Loading aggressive animals into chutes for the roughstock rodeo events is no easy task, but Kirsten Vold is always front and center.
“I help load the horses and I’ll help with the bulls — but, the guys really need help before asking me,” she laughs.
Vold, Pueblo, Colo., is the owner of Harry Vold Rodeo Company, a stock contractor that has supplied animals for the Dodge City Roundup since the late ’70s. Vold assumed ownership of the company in March when her father and the company’s creator, Harry Vold, died at the age of 93. But, the legacy he left behind lives on.
“Harry Vold was known as the Duke of the Chutes,” said R.C. “Doc” Trotter, M.D., and president of the Dodge City Roundup for the past 15 years. He knew Harry well, having worked with him several years running and is quick to tout Harry’s myriad accomplishments including, having had stock at every National Finals Rodeo (NFR) and being named stock contractor of the year by the Professional Rodeo Cowboys Association 11 times.
Ensuring quality stock is critical to the success of any rodeo because the contestants decide whether to attend based on two things: payout and the quality of the animals, said Trotter. Riders who’ve paid entrance fees for a rodeo have the option to “turn out,” or cancel, and they often do so when they don’t like the animal that was drawn for them. Half of a rider’s score is based on the stock, so it’s imperative that rodeos offer animals that make it worth the rider’s time and money to attend the competition.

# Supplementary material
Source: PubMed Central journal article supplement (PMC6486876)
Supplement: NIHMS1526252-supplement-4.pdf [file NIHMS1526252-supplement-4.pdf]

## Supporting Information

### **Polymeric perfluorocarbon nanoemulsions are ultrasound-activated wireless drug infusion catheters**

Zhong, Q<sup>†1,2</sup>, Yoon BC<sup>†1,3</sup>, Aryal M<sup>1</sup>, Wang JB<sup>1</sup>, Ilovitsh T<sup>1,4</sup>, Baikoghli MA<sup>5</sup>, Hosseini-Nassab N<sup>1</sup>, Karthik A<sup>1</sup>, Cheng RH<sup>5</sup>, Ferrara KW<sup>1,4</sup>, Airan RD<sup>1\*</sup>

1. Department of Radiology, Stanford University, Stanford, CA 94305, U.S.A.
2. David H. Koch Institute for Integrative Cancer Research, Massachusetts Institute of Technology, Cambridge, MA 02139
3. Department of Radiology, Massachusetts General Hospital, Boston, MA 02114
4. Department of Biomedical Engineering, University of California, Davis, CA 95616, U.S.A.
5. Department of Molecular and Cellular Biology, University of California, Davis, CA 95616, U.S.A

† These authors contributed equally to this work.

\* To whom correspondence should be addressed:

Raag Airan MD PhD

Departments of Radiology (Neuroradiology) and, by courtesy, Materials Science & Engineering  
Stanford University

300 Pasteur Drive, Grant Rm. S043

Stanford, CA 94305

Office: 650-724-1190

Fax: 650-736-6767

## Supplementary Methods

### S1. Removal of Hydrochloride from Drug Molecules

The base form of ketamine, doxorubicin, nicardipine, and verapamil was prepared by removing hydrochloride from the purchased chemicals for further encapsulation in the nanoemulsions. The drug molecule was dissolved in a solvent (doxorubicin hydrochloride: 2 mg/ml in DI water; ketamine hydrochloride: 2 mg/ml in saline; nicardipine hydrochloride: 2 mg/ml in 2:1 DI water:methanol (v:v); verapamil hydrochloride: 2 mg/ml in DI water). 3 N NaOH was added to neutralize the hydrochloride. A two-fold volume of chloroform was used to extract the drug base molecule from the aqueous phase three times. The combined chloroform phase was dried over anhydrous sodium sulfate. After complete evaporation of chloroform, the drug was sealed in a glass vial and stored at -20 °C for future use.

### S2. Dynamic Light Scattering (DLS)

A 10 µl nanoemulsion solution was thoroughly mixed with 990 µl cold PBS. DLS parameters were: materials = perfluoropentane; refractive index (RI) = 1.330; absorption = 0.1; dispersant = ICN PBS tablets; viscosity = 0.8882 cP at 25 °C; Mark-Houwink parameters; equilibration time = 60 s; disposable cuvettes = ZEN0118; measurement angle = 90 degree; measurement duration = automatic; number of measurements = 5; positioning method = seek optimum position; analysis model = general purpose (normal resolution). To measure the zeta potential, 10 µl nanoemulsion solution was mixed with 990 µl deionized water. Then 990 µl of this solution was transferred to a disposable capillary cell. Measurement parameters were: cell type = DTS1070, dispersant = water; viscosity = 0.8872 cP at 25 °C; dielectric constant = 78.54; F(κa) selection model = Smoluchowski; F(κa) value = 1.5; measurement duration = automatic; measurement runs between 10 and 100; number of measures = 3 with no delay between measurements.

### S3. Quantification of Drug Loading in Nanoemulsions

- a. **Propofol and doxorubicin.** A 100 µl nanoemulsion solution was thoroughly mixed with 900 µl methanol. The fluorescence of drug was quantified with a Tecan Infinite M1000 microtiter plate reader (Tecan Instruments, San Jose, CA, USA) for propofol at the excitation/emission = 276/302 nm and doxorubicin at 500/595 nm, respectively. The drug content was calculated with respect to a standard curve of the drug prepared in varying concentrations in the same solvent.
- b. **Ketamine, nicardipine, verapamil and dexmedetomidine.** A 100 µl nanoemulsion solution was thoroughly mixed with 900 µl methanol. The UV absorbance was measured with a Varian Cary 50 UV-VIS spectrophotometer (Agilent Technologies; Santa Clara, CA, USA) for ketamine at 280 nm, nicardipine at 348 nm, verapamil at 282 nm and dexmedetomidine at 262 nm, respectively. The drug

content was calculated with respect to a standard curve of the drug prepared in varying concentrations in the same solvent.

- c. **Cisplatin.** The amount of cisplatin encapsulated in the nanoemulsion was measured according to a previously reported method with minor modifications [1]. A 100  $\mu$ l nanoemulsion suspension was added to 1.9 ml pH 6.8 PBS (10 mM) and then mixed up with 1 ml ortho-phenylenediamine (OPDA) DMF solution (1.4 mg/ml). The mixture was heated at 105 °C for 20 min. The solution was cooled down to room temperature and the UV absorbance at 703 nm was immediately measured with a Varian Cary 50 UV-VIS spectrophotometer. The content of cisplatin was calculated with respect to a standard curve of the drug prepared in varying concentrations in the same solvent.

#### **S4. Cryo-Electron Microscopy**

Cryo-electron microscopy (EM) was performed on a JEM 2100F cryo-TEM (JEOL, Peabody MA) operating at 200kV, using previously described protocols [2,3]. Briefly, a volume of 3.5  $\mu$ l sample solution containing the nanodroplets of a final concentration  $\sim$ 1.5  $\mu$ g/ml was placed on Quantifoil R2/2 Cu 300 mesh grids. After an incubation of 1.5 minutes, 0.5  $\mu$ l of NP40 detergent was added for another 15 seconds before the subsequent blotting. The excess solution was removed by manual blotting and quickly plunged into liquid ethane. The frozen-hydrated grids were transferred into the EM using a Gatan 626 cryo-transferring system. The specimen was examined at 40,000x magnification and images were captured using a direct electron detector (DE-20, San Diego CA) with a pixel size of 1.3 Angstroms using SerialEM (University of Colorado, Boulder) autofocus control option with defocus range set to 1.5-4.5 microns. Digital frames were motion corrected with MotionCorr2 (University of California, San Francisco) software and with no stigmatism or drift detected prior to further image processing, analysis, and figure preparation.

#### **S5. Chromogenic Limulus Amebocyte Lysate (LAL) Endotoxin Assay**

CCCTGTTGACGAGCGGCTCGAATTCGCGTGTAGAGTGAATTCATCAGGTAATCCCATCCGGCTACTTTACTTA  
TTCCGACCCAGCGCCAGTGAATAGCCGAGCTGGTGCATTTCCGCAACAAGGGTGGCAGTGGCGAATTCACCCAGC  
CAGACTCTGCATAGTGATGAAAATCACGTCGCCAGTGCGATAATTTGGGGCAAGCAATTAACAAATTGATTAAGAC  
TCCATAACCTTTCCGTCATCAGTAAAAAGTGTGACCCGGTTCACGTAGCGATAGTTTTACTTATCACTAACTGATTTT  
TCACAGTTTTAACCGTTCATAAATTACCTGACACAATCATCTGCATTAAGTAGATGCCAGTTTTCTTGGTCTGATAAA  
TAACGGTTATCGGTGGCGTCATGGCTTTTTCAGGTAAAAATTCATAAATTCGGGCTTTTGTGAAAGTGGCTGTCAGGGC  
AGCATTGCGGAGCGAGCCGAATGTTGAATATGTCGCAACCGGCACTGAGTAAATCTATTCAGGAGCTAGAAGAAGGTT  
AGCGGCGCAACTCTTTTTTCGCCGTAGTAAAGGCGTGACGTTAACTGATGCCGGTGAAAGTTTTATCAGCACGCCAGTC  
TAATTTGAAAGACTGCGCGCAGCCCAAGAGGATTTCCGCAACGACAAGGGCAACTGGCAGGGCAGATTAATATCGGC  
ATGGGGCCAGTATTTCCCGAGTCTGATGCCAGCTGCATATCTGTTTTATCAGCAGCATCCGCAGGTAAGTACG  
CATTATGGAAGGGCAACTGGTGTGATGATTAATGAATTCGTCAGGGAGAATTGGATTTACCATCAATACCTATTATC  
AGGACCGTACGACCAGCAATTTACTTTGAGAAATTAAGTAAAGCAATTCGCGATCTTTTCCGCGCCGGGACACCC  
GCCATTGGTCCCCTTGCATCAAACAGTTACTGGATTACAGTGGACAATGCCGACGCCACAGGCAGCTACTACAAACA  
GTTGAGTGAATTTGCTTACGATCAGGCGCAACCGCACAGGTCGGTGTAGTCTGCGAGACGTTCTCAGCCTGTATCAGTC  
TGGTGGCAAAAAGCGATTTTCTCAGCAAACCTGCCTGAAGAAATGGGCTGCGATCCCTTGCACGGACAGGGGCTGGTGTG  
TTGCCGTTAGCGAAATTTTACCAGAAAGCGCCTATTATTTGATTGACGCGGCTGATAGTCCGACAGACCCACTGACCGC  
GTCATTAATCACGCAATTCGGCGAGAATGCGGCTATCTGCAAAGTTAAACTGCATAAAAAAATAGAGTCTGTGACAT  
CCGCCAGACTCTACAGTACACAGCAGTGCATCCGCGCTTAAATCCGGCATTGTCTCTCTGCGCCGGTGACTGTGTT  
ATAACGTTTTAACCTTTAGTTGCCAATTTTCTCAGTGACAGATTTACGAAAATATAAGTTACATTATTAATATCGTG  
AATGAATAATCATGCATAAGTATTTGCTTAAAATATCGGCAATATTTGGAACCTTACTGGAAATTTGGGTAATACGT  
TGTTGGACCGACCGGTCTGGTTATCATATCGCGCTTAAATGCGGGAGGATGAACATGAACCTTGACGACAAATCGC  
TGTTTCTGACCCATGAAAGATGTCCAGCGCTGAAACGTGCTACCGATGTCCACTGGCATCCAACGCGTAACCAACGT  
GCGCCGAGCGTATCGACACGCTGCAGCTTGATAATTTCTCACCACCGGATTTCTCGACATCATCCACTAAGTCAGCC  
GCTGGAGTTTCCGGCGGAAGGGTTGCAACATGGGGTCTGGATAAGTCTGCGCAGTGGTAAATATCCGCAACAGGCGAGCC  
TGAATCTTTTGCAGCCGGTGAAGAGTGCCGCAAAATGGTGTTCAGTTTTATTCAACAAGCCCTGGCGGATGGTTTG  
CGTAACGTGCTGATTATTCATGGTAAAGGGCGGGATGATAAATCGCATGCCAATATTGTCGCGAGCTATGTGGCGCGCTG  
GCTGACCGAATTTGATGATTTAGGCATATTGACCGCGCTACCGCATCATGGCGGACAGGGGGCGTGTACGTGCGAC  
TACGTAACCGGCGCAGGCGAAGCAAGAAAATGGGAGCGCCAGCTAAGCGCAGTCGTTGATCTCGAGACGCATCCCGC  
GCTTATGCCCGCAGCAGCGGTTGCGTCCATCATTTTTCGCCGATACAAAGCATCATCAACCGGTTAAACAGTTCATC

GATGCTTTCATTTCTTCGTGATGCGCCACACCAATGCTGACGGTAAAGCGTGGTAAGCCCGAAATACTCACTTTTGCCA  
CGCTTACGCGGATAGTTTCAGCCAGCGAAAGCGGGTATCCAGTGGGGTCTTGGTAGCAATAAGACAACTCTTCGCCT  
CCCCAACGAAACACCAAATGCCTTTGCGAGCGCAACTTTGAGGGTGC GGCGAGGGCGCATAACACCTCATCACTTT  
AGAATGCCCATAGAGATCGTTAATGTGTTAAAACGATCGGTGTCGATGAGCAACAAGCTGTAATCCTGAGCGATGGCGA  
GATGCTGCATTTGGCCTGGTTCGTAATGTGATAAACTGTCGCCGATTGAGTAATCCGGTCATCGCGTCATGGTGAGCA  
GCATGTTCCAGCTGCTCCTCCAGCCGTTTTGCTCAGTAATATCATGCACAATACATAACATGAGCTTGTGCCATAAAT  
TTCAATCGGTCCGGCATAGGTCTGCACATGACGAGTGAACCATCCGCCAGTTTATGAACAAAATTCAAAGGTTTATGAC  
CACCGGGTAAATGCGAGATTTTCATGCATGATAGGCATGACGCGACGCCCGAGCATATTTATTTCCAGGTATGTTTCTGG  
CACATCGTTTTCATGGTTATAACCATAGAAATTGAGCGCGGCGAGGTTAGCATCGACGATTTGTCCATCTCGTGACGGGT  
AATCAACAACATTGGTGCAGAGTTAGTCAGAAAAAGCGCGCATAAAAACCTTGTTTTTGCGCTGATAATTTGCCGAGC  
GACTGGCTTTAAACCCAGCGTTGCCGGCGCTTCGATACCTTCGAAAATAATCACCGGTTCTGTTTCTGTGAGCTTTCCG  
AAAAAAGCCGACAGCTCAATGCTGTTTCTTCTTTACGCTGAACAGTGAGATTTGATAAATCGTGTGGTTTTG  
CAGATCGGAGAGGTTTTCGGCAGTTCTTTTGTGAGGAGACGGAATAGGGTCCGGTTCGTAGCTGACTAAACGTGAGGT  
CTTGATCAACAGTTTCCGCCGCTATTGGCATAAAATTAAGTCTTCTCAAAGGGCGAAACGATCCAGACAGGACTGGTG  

“No matter how much money you put up, contestants won’t show if you have bad animals,” Trotter said. “Vold has always given us a good product.”
Vold’s consistency has helped forge the Dodge City Roundup into one of the most lucrative, competitive and prestigious rodeos on the circuit. She brings the highest-performing bucking horses from her 200-head herd, but uses subcontractors to provide the additional stock necessary for the entire rodeo. In total, around 450 animals were supplied to this year’s Roundup.
Scott Pickens, Manager and Livestock Supervisor for 4L & Diamond S Rodeo Company, Weatherford, Texas, is one of Vold’s subcontractors. In his 10th consecutive year at the Roundup, Pickens ensures that he too supplies only the best stock.
“At a rodeo this size with the caliber of athletes it attracts, they are expecting the best,” he said. This year he supplied 32 bucking bulls, four of which were at last year’s NFR: Girl Money, House of Pain, Little Turbo and Juicy Box.
One of his top priorities is ensuring the bulls are healthy and safe. Just like people, each bull has its own personality and mentality, he said. Some are able to compete more often than others and age is always a factor—Pickens takes these things into consideration when choosing bulls for each event while the others are left to pasture.
When transporting the animals, Pickens gives them one hour of rest for every hour traveled so they can eat and drink. This practice not only ensures they are at peak ability for the rodeo, it maintains the animals’ health and well-being.
“I manage a team,” he said. Because the animals are athletes, they do sustain injuries, but they aren’t life-threatening as many believe. When they do, they are given the proper rest and care necessary before returning to the next event. The value of the bulls in attendance at the Roundup ranges from $50,000 to $100,000.
Likewise, Vold’s bucking horses range in value from $7,500 to $75,000, but her interest in this business isn’t strictly monetary — she does it because she loves animals (especially Lilly, her dachshund-blue heeler mix).
“It’s a matter of building a relationship with the animals — they come to you, recognize you. It’s gratifying in many different ways.”